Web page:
Male homosex is classified as a first tier offense requiring the death penalty, which stipulates that they shall “be put to death”.

J. P. Holding notes:

"The punishments range from "worst to best", from death to expulsion to barrenness. This suggests that the crimes are in a "worst to best" range as well, and our verse of concern is smack in the middle - and one of those that gets the death penalty! The context, the structure of the commands, and the punishment together suggest that what we have here is a universal condemnation of all such behavior!"[47]

The use of the term 'lie' (here and in Lev 18:22) without qualifying verbs such as 'seize and (lie)', along with equal punishment for both parties, and two motive clauses 'Both of them have committed an abomination ... their blood is upon them', further evidences the unconditional and universal nature of the ban, and not simply against forcible homosexual intercourse as the Assyrians did, or with youths (as did the Egyptians).[48]

Lev. 18:24-30

Commission to keep commands, and cause of being conquered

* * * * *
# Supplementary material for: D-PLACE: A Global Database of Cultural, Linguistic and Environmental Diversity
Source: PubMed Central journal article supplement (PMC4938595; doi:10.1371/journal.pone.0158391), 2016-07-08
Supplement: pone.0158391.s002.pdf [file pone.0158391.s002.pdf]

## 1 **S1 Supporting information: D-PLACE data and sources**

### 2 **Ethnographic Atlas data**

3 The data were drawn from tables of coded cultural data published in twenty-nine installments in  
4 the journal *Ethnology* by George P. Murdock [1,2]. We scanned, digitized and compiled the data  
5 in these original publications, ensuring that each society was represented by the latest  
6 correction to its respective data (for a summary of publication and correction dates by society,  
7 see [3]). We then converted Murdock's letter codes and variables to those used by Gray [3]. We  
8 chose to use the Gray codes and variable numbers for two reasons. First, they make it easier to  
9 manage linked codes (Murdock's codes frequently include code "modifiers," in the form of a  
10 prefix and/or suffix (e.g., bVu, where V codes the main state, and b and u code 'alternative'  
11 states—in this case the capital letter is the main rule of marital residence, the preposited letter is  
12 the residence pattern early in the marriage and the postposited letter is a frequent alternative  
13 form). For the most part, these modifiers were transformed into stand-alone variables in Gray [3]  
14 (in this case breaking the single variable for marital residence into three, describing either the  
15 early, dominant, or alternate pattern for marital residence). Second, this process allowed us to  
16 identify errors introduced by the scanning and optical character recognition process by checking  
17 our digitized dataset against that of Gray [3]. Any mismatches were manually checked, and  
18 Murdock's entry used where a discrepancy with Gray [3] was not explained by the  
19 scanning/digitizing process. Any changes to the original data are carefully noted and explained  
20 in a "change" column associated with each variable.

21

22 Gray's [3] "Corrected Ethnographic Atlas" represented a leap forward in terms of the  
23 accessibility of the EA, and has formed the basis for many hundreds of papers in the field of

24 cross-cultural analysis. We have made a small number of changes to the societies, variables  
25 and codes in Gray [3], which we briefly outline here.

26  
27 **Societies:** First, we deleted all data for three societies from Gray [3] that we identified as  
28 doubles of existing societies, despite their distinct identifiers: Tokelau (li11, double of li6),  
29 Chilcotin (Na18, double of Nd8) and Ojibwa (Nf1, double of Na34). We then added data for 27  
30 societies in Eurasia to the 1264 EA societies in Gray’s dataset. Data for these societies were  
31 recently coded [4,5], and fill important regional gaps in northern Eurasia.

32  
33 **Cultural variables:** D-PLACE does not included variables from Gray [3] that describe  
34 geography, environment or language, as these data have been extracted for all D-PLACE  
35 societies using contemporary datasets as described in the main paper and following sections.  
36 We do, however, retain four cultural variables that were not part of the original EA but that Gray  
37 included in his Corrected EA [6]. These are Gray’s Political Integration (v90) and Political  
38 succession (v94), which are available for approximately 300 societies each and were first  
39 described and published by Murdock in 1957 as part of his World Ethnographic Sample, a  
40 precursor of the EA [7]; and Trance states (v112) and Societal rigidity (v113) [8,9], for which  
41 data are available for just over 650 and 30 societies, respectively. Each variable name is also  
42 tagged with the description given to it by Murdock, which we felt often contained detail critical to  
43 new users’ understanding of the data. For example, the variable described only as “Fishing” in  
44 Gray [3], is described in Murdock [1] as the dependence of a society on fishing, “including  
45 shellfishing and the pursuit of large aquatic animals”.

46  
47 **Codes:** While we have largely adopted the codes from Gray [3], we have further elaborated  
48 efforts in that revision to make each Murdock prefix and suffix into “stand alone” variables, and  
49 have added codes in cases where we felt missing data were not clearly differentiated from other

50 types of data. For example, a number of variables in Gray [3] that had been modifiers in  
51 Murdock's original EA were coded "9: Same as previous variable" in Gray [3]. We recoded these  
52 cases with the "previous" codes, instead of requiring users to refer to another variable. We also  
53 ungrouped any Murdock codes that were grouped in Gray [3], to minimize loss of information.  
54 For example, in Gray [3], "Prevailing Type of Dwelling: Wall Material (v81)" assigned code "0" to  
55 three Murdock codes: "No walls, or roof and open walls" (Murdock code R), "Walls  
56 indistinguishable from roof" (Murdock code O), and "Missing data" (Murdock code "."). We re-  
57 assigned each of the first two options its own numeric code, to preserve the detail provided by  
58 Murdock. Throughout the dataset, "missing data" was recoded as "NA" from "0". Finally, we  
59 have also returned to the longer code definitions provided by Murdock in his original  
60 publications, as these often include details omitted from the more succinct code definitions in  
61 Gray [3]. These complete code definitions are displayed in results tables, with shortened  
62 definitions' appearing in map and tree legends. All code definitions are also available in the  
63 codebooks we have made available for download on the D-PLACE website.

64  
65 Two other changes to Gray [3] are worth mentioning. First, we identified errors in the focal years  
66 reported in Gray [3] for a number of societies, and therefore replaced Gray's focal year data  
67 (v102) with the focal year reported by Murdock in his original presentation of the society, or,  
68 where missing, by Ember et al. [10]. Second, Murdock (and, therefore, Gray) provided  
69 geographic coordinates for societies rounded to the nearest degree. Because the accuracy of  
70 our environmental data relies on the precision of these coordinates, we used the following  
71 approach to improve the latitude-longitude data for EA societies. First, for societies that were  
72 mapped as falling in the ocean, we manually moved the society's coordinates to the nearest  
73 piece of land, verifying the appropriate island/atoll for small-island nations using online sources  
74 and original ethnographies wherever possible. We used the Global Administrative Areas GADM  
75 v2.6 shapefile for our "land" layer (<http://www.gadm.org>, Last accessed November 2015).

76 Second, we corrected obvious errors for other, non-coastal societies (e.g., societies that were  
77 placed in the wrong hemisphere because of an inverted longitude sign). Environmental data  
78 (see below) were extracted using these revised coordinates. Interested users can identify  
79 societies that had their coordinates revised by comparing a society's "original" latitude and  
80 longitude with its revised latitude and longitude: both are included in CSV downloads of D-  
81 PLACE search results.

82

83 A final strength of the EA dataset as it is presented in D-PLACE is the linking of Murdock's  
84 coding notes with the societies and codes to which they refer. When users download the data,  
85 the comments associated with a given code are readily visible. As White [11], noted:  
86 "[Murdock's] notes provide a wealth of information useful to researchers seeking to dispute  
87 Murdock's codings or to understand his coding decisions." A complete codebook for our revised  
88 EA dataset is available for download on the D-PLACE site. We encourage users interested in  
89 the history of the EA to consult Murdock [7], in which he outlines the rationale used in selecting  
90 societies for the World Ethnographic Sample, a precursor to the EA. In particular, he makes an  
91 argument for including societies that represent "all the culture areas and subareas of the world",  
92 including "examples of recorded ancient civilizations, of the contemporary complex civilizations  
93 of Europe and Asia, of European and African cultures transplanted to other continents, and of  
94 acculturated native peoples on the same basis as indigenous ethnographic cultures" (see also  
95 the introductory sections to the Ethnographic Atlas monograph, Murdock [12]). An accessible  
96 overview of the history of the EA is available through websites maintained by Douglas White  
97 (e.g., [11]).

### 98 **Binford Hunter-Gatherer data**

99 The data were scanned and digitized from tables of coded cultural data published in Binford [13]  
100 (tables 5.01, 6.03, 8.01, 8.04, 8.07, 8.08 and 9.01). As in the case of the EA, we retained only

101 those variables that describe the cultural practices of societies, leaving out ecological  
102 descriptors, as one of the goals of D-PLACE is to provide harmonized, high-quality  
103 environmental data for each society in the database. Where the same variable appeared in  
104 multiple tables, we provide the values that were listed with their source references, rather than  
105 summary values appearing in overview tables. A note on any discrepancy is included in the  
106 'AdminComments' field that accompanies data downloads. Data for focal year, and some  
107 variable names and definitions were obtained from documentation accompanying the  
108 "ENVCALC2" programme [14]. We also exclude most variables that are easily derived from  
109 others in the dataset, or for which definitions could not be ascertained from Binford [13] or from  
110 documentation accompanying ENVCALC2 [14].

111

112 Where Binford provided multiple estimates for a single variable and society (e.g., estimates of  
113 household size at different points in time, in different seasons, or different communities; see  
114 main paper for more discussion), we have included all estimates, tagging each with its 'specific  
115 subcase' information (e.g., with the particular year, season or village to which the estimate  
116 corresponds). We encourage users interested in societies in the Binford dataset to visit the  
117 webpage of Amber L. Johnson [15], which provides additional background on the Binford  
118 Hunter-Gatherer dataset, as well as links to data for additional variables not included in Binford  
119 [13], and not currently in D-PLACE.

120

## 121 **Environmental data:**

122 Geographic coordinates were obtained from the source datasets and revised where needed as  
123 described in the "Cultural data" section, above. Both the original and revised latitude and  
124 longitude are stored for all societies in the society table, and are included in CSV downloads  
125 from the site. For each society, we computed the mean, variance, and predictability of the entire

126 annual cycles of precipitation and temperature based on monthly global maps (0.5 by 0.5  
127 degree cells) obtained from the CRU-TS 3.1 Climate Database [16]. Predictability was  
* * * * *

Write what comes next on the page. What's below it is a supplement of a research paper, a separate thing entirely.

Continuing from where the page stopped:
Israel here is enjoined to keep both the statutes and judgments of God, and not to know walk in the manners of the nation which God determined to cast out due to the practices He condemned. Similar cause and effect statements occur elsewhere, but not immediately after ceremonial laws, such as in Lev. 11-17.

Lv. 18:24: "Defile not ye yourselves...."; The word which describes the moral condition of the land of the pagans, defiled, is ṭâmê', which can be used to signify ritual or moral defilement. Its first three occurrences in Scripture is to denote the latter, that of Jacob's daughter Dinah, whom Shechem defiled by committing fornication with her, (Gn. 34:5, 13, 27). A sexual cause is the case in other places (Num. 5:13; Dt. 24:4; Ezek. 22:11; 23:7,13,17; 33:26; Hos. 6:10), as well for idolatry. It is used most often in the Levitical chapters on ceremonial ordinances (Lv. 11-17,19).

Lv. 18:25: "the land itself vomiteth out her inhabitants." The word used in the KJV for vomiteth, qô'/qâyâh, is used twice in both Lev_20:22 and in Lev. 18:28 and as spue, and once in the latter verse as spued. Outside these occurrences it is only used in Job 20:15, Prov. 23:8, 25:16 and Jonah 2:10. The Lord Jesus used a corresponding word in Rv. 3:16 to describe what He would do with the lukewarm unrepentant church. And which judgment ("spue", "cut off") the LORD repeatedly will happen to Israel, if they follow the way of the heathen (vs. 28-30)

Keil and Delitzsch comment,